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Problem: Find ln (0.97) with 7-decimal-place accuracy.

I'm trying to approximate this via a power series for ln(1-x). (Taylor series are not introduced until the next chapter.) For x=0.03, I see that $$\ln(1-x)=-\sum_{n=1}^\infty (0.03)^n/(n)$$

My instinct is to find n such that $$Rn\le\int_n^\infty \frac{(0.03)^x}{x} dx\lt error$$

This is where I'm stuck. I don't know what to do with this integral, and I am not sure if the difficult integral is arising from a previous error. Any advice on how I should proceed?

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    $\begingroup$ Please, see the remark I have added. $\endgroup$ – Jean Marie Dec 8 '19 at 17:24
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Instead of your series, it is rather usual to consider this one for computing values of $\ln$ function :

$$\ln \left(\dfrac{1+x}{1-x} \right)=2\left(x+\dfrac{x^3}{3}+\dfrac{x^5}{5}+\dfrac{x^7}{7}+\cdots \right)\tag{1}$$

with quicker convergence (see "more efficient series" in https://en.wikipedia.org/wiki/Logarithm).

With which value of $x$ ? You have to solve for that

$$\dfrac{1+x}{1-x}=0.97$$

giving $$x=-\tfrac{0.03}{1.97}\approx -0.015228426395939...$$

Now, consider the first terms of (1):

$$\begin{matrix}2x&=&-0.030456852791878\cdots&\\ 2x^3/3&=&-0.000002354365183\cdots&\\ 2x^5/5&=&-0.000000000327593\cdots&\\ 2x^7/7&=& \; -0.000000000000054\cdots \ &etc.\\ &&\rule[5pt]{90pt}{1pt}\\ \ln(0.97)&=&-0.030459207484709\cdots& \end{matrix}$$

What do we see ? That taking the first term ($2x$) in the series above with this value of $x$ gives a value with already 5 common decimal places with the target value $\ln(0.97)$. The desired precision (at least 7 decimal places) is obtained by adding the two first terms.

Remarks :

1) Take a look at the many interesting answers to the following question What is the fastest algorithm for finding the natural logarithm of a big number?, in particular iterative Halley's method.

2) One finds on libraries' shelves dusty hand-computed "logarithm tables" ; it means strenuous efforts using different techniques (usually not involving series expansion (1)). An interesting book on these issues : "The History of Mathematical Tables. From Sumer to spreadsheets" (Oxford University Press) by Campbell-Kelly et al. It contains a wealth of interesting information in particular about the computation of these tables:(https://www.semanticscholar.org/paper/The-history-of-mathematical-tables-%3A-from-Sumer-to-Campbell-Kelly-Robson/ea87b0b23e9b551fc9793b548cee3102fd5754a2). See in particular its chapters 2 and 4.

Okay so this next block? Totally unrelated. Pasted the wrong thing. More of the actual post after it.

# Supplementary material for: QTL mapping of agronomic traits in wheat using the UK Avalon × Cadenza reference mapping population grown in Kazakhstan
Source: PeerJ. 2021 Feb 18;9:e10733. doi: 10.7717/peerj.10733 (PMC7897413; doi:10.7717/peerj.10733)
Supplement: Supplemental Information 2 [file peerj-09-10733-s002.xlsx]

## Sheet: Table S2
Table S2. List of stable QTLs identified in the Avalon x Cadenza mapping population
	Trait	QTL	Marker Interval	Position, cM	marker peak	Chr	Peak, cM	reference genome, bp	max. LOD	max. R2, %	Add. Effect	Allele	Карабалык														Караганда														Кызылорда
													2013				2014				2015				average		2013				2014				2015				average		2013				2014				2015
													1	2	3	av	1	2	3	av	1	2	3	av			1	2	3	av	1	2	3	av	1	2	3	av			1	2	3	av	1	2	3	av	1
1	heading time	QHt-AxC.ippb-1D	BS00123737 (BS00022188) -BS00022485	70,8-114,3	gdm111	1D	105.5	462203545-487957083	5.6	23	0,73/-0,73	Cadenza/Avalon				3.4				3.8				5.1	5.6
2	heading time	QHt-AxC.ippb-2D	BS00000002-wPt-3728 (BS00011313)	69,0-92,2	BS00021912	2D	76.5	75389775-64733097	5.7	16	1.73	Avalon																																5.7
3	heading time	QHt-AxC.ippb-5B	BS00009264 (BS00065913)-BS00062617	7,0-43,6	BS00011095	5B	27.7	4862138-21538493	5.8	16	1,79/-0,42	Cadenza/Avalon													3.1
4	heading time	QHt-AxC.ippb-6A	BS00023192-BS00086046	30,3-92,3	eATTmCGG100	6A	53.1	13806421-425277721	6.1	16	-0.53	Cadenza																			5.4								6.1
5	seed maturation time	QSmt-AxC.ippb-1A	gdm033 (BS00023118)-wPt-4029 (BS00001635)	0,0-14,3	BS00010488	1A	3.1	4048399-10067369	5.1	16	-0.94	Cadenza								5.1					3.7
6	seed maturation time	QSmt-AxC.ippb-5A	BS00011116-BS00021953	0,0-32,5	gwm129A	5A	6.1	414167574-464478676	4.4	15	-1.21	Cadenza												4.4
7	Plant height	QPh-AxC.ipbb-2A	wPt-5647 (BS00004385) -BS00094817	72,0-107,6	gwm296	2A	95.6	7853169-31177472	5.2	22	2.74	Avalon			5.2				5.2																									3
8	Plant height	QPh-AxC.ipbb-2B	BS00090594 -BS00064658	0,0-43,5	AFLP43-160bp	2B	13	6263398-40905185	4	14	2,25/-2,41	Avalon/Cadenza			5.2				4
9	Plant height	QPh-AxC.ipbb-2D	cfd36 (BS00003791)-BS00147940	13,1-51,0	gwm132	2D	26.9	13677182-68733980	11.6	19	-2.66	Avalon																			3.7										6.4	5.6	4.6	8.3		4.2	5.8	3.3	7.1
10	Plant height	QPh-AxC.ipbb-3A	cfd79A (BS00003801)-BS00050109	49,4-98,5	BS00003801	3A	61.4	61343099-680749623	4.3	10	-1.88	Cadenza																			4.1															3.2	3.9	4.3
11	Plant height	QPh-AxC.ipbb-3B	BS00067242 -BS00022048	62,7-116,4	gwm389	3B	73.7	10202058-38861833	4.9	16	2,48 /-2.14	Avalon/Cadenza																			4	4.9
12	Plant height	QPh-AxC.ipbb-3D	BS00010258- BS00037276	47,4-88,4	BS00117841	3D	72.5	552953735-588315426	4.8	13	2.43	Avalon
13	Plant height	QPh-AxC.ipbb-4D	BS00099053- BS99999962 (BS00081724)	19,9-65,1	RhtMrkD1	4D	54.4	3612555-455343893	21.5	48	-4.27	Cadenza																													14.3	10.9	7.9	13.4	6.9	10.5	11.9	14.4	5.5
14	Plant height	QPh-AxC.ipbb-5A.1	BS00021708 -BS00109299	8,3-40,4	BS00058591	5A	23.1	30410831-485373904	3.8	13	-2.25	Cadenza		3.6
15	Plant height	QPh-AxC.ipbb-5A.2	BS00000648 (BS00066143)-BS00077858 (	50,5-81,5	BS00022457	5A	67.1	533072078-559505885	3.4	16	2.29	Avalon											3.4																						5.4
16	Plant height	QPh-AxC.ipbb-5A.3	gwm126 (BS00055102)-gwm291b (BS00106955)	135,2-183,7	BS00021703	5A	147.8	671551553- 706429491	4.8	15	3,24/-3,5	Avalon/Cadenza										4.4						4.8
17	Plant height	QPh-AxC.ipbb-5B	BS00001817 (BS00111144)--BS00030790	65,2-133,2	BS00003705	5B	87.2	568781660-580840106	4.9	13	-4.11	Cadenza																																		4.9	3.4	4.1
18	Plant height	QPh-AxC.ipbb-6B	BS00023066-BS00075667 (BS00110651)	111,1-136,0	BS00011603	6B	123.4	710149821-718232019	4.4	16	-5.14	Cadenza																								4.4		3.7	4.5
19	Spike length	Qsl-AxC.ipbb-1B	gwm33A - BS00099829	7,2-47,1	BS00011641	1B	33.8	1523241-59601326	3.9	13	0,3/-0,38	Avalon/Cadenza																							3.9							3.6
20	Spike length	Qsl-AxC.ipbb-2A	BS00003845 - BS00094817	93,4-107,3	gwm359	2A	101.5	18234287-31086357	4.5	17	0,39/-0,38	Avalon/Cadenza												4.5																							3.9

3) In the same vein : https://www.sciencedirect.com/science/article/pii/S0315086002000186. Besides telling the strange story of a father and his two daughters devoting 25 years of their life to the computation of tables that weren't published), this article contains an interesting example that I think valuable to reproduce. It will help to understand one of the techniques - among others - used to find logarithms of prime numbers. Imagine you are looking for a good approximation of $\ln 1619$ (in fact, most tables in the past were dealing with base $10$ logarithms, but it doesn't matter, the explanation is common with the neperian logarithms). Assume that by chance (or by observation) it has been noticed that $1619$ is part of a decomposition ending with many nines (or ending with ''$000001$'' for example, which amounts to the same) ; here:

$$1155999999=3 \times 7 \times 11^2 \times 281 \times 1619$$

Rewrite it under the form :

$$\ln(1619)=\ln(A - 1) - \ln 3 - \ln 7 - 2 \ln 11 - \ln 281 \ \ \text{with} \ \ A=1156 \times 10^6$$

Now transform the first expression in order to be able to use the classical series :

$$\ln(A-1)=\ln(A)+\ln(1-\tfrac{1}{A})=\ln(A)+\left(\tfrac{1}{A}+\tfrac{1}{2A^2}+\cdots\right)$$

which here is strikingly convergent series (because $\tfrac{1}{A} \approx 10^{-9}$) yielding in this case a $10^{-18}$ accuracy by only using the two terms one finds in the last parenthesis above, being assumed that $\ln 3, \ \ln 5, \ \ln 11, \ \ln 281, \ \ln 10, \ \ln 1156$ have been previously computed with a similar accuracy.

4) Connected : my answer to a similar problem : https://math.stackexchange.com/q/3193225 using the alternated series theorem to guarantee a bound of the error (but unfortunately with low convergence).

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  • $\begingroup$ I have "enriched" point 3) with an example. $\endgroup$ – Jean Marie Jan 19 at 0:02

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